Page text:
Thursday, November 10, 2005

The Blogs Are with the Terrorists


Just back from a conference in Carmel focused on strategic listening: How may the U.S. government best listen to people in other countries? I'll talk about this at length in the coming days and interview some people I met there, but for now I'm recovering from days of being in rooms filled with frighteningly smart people. I intentionally left my computer at home, but I'm back to reading the paper—for the first time in days—and two things leap out at me:

Egypt's conducting parliamentary elections over several days. The news is that they're much less corrupt than previous elections, particularly the recent presidential election. But Michael Slackman and the Times' headline-writers see a glass that's half empty in "Bad Habits Linger at the Polls in Egypt." Notice that ballot boxes are transparent (to prevent obvious stuffing) and candidates aligned with the Muslim Brotherhood are allowed to use the MB's slogans. Say what you like about the Brotherhood, it's a good thing that Mubarak et al. is allowing them to say anything at all. There are only scanty reports of intimidation and people getting beaten up, which was a major feature of the presidential election.

Second, the International Herald Tribune's "French Police Fear That Blogs Have Helped Incite Rioting," reprinted in the Times, is just silly. Here's how it begins:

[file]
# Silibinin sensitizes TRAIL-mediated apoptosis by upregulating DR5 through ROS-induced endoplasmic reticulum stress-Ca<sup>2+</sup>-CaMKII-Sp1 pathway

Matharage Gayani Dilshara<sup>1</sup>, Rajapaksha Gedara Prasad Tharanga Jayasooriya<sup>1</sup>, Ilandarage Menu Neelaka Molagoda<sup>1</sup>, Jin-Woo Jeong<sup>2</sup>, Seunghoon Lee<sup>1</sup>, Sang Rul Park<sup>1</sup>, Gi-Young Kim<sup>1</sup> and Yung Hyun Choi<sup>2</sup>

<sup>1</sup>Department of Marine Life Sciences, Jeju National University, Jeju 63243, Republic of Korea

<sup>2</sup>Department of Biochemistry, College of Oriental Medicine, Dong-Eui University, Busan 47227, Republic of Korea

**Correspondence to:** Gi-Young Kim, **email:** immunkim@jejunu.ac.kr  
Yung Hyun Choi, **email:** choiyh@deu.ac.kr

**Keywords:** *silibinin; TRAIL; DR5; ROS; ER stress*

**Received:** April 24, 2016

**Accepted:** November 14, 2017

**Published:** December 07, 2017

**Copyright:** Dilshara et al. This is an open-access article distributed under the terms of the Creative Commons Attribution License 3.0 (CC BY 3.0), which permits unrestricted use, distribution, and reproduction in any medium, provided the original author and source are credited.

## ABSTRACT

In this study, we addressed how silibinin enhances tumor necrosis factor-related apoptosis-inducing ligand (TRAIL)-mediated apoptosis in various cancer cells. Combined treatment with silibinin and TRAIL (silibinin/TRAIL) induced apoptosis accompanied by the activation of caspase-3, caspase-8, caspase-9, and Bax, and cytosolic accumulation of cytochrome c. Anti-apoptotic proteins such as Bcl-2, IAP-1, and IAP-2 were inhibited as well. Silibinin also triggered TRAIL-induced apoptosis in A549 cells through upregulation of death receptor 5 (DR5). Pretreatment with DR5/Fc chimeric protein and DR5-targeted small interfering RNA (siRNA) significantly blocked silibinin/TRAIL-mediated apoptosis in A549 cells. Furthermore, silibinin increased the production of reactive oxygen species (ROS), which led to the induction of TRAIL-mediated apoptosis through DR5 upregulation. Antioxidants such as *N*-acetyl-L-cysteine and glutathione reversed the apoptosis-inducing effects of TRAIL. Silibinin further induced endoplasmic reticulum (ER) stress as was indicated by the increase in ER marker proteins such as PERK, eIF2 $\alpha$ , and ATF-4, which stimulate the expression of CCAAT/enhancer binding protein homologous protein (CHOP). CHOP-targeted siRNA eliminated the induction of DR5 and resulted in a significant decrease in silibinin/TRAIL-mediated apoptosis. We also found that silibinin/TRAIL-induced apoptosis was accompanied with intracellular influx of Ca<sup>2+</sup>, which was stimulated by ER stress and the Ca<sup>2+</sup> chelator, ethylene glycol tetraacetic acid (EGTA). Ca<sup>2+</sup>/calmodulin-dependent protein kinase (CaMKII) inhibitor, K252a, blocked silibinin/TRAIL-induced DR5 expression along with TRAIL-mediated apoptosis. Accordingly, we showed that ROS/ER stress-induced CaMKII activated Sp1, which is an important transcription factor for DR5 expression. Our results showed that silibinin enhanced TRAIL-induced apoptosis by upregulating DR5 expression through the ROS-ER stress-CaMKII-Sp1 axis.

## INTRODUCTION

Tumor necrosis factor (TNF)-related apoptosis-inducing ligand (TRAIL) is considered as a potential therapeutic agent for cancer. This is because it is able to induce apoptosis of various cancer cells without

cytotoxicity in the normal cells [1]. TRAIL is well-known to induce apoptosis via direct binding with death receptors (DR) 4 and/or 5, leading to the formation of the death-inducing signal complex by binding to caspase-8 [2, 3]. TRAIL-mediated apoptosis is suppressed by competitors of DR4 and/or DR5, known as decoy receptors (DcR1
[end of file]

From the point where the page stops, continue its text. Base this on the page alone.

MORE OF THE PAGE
PARIS, Nov. 7 - The banners and bullhorns of protest are being replaced in volatile French neighborhoods by cellphone messages and Skyblog, a Web site that is host to messages inflammatory enough to prompt three criminal investigations this week.

Police officials say that youths have coordinated local arson attacks using cellphone messages. Two young people are under investigation for comments on the online diaries known as blogs on Skyblog, the officials said.

A 14-year-old in the southern city of Aix-en-Provence, arrested after posting an item urging rioters to attack police stations, was later released for procedural reasons, Agence France-Presse reported.

In the blog entries, one of the youths called on other young people in the Paris region to rise up at once in a coordinated attack. "Unite, Île-de-France, and burn the cops," one of the postings said, according to Agence France-Presse. "Go to the nearest police station and burn it."


Judicial officials said the three youths did not know one another but had all used Skyblog to send out their messages.

Sadly for IHT writer Thomas Crampton, his article doesn't justify the headline. No one is quoted as saying or implying that they fear the bloggers have incited rioting; cellphones seem to be the real culprits, although this is soft-peddled by the writer and, worse, the headline writer.

Now, in American eyes, a 14-year-old and two other wired French kids are shouldering part of the blame for France's burning cars.

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